Cheap ESP32-CAM Home Assistant ESPHome Camera Guide

ESP32-CAM within Home Assistant
ESP32-CAM within Home Assistant

I’ve been integrating my entire home into Home Assistant using as much open-source software and hardware as possible. Recently I’ve wanted to add some additional cameras to my home such as a camera to monitor my HVAC / water heater.

Although I already have 6 Unifi cameras integrated into the home those are extremely expensive (and frankly availability is poor on them as well). I don’t need a camera that costs hundreds of dollars to watch my utilities area.

Fortunately there’s an extremely widely available and cheap solution called the ESP32-CAM! These have been around for years and are one of the most popular ESP32 products. Since it uses ESP32 we can use ESPHome and Home Assistant to add a super cheap camera anywhere you’d like.

In this guide I’ll show my ESP32-CAM setup and how to configure it within Home Assistant and ESPHome. Let’s get started!

Hardware Used


The ESP32-CAM-MB supports WiFi / Bluetooth / BTLE for connectivity and uses a OV2640 2MP camera module

Links:*, AliExpress*,*,*,*,*,*,*,*,*,*,*,*


First let’s take a look at the ESP32-CAM:

ESP32-CAM - Top View
ESP32-CAM – Top View

This is exactly how it came except you can see that I glued the image sensor in place. It comes detached but I intend to mount it pretty much exactly how you see it so I used some glue and permanently attached the sensor to the SD card slot. Be careful not to get any glue inside the SD card slot if you try this (and use less glue than I did).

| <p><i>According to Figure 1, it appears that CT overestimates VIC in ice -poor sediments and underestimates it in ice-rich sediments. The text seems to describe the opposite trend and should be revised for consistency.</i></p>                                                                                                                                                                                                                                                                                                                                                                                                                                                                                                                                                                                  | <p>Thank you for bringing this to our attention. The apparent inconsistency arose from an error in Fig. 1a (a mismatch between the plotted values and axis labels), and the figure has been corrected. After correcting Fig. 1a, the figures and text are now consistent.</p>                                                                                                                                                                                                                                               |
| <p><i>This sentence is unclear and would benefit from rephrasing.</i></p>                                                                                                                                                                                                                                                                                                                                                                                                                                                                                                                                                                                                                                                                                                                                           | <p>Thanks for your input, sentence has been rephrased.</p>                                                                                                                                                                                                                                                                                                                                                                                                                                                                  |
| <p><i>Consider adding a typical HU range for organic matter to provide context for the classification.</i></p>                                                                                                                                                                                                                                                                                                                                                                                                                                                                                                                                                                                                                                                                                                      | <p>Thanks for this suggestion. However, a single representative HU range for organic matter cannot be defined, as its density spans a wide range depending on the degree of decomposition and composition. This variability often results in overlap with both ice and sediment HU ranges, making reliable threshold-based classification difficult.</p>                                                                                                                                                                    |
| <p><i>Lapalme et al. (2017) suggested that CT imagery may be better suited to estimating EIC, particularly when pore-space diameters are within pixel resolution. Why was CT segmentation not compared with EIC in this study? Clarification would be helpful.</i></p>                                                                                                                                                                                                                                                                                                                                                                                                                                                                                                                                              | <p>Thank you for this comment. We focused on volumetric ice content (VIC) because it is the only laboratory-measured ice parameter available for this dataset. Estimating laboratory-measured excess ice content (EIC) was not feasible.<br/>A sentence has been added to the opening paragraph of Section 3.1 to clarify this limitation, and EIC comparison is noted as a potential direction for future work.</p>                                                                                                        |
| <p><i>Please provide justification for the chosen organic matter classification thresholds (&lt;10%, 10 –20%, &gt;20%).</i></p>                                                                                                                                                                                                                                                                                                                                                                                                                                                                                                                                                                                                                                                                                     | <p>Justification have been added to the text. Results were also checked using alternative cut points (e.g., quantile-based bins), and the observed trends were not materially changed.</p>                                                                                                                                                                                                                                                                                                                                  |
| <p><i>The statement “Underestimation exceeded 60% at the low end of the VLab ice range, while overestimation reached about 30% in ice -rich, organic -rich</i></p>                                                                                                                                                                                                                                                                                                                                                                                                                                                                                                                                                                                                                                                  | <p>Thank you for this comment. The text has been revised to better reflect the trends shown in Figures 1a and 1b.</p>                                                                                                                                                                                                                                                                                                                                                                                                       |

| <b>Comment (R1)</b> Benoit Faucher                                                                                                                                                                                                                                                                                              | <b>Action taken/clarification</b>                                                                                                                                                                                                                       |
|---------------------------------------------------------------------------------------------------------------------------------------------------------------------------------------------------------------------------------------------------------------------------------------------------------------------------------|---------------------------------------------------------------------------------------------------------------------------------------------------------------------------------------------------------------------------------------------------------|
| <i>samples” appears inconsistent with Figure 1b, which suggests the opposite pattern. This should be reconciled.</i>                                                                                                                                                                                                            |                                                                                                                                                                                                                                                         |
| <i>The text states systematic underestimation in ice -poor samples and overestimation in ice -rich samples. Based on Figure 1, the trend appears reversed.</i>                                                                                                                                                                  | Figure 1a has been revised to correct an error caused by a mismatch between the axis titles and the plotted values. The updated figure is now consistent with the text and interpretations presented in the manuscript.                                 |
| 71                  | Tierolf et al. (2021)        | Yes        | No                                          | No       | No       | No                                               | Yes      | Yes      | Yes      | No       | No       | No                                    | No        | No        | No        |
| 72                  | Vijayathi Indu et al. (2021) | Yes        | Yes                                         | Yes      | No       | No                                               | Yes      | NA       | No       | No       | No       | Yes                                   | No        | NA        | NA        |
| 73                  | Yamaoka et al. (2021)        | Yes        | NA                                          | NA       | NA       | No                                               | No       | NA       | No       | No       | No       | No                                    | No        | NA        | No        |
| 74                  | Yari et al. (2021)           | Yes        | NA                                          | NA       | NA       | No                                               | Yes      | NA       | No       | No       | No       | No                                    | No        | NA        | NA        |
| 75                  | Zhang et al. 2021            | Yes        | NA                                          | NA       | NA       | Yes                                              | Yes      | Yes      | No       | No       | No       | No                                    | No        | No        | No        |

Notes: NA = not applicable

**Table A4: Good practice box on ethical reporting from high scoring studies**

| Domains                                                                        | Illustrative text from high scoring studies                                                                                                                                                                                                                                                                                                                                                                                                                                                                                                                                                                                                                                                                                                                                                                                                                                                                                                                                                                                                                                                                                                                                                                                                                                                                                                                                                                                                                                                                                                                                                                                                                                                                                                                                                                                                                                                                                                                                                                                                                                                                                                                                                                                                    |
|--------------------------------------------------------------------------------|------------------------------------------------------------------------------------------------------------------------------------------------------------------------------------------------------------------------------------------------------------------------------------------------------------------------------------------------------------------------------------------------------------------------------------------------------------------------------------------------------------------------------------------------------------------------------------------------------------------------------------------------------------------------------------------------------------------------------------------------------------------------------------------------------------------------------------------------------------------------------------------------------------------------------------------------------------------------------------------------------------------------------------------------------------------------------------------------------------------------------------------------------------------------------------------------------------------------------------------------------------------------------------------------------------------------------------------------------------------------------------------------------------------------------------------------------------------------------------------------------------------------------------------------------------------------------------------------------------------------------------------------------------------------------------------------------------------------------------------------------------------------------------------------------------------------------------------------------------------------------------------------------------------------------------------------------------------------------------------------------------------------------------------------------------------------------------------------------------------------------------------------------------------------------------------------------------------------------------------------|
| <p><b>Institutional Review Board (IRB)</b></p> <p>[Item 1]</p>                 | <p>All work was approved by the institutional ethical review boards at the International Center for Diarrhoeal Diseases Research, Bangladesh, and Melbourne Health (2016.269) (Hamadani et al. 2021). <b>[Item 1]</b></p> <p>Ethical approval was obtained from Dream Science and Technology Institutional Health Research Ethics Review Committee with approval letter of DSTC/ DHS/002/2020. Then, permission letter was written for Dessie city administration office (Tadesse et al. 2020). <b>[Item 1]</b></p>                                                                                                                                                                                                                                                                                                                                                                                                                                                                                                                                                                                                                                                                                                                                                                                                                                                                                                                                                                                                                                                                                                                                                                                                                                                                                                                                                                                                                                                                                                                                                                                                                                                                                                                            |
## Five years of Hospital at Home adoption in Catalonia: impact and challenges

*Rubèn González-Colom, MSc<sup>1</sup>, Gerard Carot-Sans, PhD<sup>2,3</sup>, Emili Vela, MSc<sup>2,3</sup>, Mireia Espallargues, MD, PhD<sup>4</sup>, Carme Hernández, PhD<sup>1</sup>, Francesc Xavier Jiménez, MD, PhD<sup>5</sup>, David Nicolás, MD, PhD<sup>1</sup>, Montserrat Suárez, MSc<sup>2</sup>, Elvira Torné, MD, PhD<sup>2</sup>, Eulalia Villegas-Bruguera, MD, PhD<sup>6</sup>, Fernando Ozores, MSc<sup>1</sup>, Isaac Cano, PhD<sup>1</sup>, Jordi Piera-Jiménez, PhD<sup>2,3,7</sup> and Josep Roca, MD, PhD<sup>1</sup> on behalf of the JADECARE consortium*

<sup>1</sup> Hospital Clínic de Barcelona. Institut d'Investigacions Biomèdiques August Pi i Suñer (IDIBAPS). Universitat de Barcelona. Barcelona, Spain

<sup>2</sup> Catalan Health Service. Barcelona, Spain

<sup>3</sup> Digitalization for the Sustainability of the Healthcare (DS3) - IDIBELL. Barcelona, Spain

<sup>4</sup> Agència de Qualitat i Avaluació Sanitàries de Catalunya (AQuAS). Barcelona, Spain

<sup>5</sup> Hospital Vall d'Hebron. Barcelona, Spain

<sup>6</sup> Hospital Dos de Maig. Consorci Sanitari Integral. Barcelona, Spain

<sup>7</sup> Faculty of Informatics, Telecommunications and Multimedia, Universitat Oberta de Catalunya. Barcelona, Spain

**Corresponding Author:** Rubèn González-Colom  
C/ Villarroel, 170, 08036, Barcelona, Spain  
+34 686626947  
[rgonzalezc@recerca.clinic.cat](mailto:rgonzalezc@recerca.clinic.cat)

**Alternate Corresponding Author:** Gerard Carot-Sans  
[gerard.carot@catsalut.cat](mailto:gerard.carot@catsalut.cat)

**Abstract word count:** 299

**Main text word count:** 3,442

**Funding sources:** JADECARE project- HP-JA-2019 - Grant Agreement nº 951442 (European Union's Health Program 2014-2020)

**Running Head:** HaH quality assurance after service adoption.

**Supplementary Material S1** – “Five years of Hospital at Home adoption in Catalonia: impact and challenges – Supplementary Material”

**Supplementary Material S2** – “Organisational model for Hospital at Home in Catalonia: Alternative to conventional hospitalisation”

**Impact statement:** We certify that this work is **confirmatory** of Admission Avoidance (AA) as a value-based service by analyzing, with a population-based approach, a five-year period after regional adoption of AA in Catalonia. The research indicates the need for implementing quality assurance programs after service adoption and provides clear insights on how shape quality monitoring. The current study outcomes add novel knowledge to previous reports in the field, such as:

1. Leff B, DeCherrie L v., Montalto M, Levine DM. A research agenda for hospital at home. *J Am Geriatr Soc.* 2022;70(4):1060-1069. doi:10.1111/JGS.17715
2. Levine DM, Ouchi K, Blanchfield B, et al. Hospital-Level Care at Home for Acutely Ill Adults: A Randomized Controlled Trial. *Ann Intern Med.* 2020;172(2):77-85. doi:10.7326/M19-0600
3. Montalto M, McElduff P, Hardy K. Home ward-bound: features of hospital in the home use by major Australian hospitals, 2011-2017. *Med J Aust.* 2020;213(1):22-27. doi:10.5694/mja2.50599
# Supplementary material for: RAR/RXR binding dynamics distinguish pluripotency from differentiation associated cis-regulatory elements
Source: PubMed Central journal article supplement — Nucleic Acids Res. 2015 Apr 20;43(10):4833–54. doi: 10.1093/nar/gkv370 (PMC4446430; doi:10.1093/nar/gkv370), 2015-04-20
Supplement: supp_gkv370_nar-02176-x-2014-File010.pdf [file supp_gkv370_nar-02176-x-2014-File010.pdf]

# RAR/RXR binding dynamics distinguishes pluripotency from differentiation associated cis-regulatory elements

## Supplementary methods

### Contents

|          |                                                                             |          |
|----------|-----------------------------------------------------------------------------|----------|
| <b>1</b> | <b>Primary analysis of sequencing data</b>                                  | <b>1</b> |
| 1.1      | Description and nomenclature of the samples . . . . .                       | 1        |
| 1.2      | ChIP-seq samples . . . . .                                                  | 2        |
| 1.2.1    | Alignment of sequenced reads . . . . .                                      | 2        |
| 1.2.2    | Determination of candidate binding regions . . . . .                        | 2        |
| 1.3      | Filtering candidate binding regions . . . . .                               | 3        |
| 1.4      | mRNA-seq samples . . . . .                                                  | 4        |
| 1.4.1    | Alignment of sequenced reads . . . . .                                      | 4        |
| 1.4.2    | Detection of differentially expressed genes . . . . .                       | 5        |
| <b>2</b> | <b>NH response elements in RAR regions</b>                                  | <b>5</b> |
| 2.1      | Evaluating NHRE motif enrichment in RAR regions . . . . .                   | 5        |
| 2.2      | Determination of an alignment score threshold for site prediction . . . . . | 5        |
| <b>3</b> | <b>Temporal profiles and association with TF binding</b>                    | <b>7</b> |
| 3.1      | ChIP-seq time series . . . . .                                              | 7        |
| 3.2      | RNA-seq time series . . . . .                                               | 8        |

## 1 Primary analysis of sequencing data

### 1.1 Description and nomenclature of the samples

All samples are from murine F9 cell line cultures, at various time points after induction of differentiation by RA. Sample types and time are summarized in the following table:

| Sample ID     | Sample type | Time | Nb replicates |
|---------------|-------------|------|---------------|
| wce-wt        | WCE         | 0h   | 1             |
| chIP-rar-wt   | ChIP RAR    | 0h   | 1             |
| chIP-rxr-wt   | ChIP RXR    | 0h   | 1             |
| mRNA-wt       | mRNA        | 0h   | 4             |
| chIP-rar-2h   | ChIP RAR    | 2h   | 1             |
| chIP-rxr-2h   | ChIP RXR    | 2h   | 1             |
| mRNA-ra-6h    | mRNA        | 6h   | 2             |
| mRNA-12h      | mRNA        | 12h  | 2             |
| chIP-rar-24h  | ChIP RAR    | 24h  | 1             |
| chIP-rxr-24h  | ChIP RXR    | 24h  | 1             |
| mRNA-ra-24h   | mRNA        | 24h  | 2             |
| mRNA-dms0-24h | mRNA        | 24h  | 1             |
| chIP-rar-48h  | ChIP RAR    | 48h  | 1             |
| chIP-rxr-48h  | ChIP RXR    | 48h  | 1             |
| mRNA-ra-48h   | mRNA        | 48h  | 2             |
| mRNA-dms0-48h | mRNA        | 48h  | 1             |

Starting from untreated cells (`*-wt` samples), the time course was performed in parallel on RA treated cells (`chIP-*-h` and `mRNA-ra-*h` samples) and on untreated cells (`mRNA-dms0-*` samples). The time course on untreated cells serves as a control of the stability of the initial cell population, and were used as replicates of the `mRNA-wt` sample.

Notice that there are two pieces here:

ESP32-CAM - Top View
ESP32-CAM – Top View

Not all listings give you both and some will only give you the ESP32-CAM part of the board. If you already have devices you can use with it to power the camera this is fine but most people will want to pick up the listing that comes with both boards. The micro USB port to power the board is on the second board as you can see above.

Here is the area I wanted to add a camera to:

ESP32-CAM Target Area
ESP32-CAM Target Area

This is my HVAC / utilities indoor area. On the very far right is a newer type of water softener that is much more efficient (which is why it has that really small salt can next to it). In the middle is my water heater and the on the left is the HVAC system.

I’ve had issues before where the pipe leading from the HVAC system has got knocked away from the drain and the water will start backing up. Having a camera here lets me easily spot problems like this and address them before it becomes a *really* big problem.